Most of the attention in recent times in relation to institutional investment in the US has focused on the major international elements of the 2017 US tax reform such as the cut in the corporate tax rate, the transition tax and the GILTI, FDII and BEAT regimes dealt with in our earlier tax brief. The 2017 tax reform included other less noticed changes including one relating to foreign partners in limited partnerships (LPs) investing in the US. Further an important change in relation to investment by foreign pension funds in US real estate has been developing over recent years. This Riposte briefly outlines these important but less noticed developments and the problems that can arise when they come together.
1. Exemption for foreign pension funds investing in US real estate
In 1980 the US adopted a comprehensive tax regime for foreign investors acquiring US real estate including land rich entity rules (commonly referred to as FIRPTA) backed up by a withholding tax which was one of the models for Australia’s recent withholding on capital gains derived by foreign investors. In 2015 and 2018 an exception was developed to remove foreign pension funds from the FIRPTA rules and the accompanying withholding as a way of encouraging investment in US infrastructure. As usual the drafting of the US legislation was principled-based leaving clarification to regulations which recently appeared in proposed (draft) form. When finalised the regulations will generally operate back to the 2015 start date for the exemption though some parts will only apply from the date of publication of the draft regulations.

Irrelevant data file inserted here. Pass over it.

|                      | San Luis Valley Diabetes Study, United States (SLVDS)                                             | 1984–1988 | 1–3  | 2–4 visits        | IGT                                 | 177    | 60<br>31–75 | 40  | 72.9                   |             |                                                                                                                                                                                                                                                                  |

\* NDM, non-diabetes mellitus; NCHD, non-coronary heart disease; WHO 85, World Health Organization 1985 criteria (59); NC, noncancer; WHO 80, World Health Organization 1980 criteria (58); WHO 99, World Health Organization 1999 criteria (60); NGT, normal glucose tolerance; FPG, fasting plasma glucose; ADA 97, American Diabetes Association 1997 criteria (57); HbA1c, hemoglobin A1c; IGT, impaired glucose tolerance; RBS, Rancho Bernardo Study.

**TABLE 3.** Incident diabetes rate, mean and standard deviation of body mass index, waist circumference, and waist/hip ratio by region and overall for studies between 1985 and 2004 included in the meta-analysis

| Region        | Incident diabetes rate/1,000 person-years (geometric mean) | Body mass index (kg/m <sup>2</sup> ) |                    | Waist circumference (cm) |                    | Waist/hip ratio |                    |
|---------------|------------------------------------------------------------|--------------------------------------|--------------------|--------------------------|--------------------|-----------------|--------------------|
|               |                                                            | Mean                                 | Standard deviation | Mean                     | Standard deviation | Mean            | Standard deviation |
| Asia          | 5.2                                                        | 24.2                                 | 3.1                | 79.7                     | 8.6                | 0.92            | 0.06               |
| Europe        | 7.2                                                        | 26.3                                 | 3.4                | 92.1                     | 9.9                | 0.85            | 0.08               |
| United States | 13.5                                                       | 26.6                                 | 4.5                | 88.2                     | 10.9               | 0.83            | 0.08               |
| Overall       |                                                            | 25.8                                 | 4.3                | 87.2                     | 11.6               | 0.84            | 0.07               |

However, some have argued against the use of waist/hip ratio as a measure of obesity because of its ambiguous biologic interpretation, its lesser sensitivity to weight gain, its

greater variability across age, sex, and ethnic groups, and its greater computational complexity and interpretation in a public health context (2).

The exemption applies to qualified foreign pensions funds (QFPFs) which the proposed regulations define very flexibly to deal with the great variety of special tax rules for pension or superannuation funds around the world, in contrast to the fairly narrow Australian exemption from dividend and interest withholding tax for foreign superannuation funds. There are five elements that are elaborated in the regulations for QFPFs:
- Creation or organisation under a non-US law
- By government or one or more employers to provide retirement or pension benefits to employees
- With no single beneficiary holding on an associate inclusive basis more than 5% of the fund
- Subject to government regulation and reporting to the tax administration on an annual basis and
- Subject to exemption from tax or reduced tax on contributions or fund income.
Many elements of flexibility and stretching are introduced into the details of these tests by the regulations, which should mean that Australian industry and retail funds will generally qualify though the 5% rule will eliminate SMSFs.
In addition to which foreign pension funds qualify for the exemption, the proposed regulations deal with the way in which pension funds around the world organise their investment through pooling and other strategies which mean they will usually invest with an intermediary rather than in the ultimate investment. For this purpose the regulations introduce qualified controlled entities (QCEs) which can also benefit from the exemption.
To qualify the QCE must be a corporation or trust owned 100% by QFPFs. Submissions were made in the drafting process that flexibility should also be introduced in this area but they were rejected on the basis that the exemption is exclusively available to pension funds, not other kinds of investors. Similarly the regulations deal with the possibility of non-qualifying persons being involved in a fund and exiting it before the ultimate investment attracting US tax is exited. In this case the 100% requirement has to be satisfied over a period which can reach up to 10 years.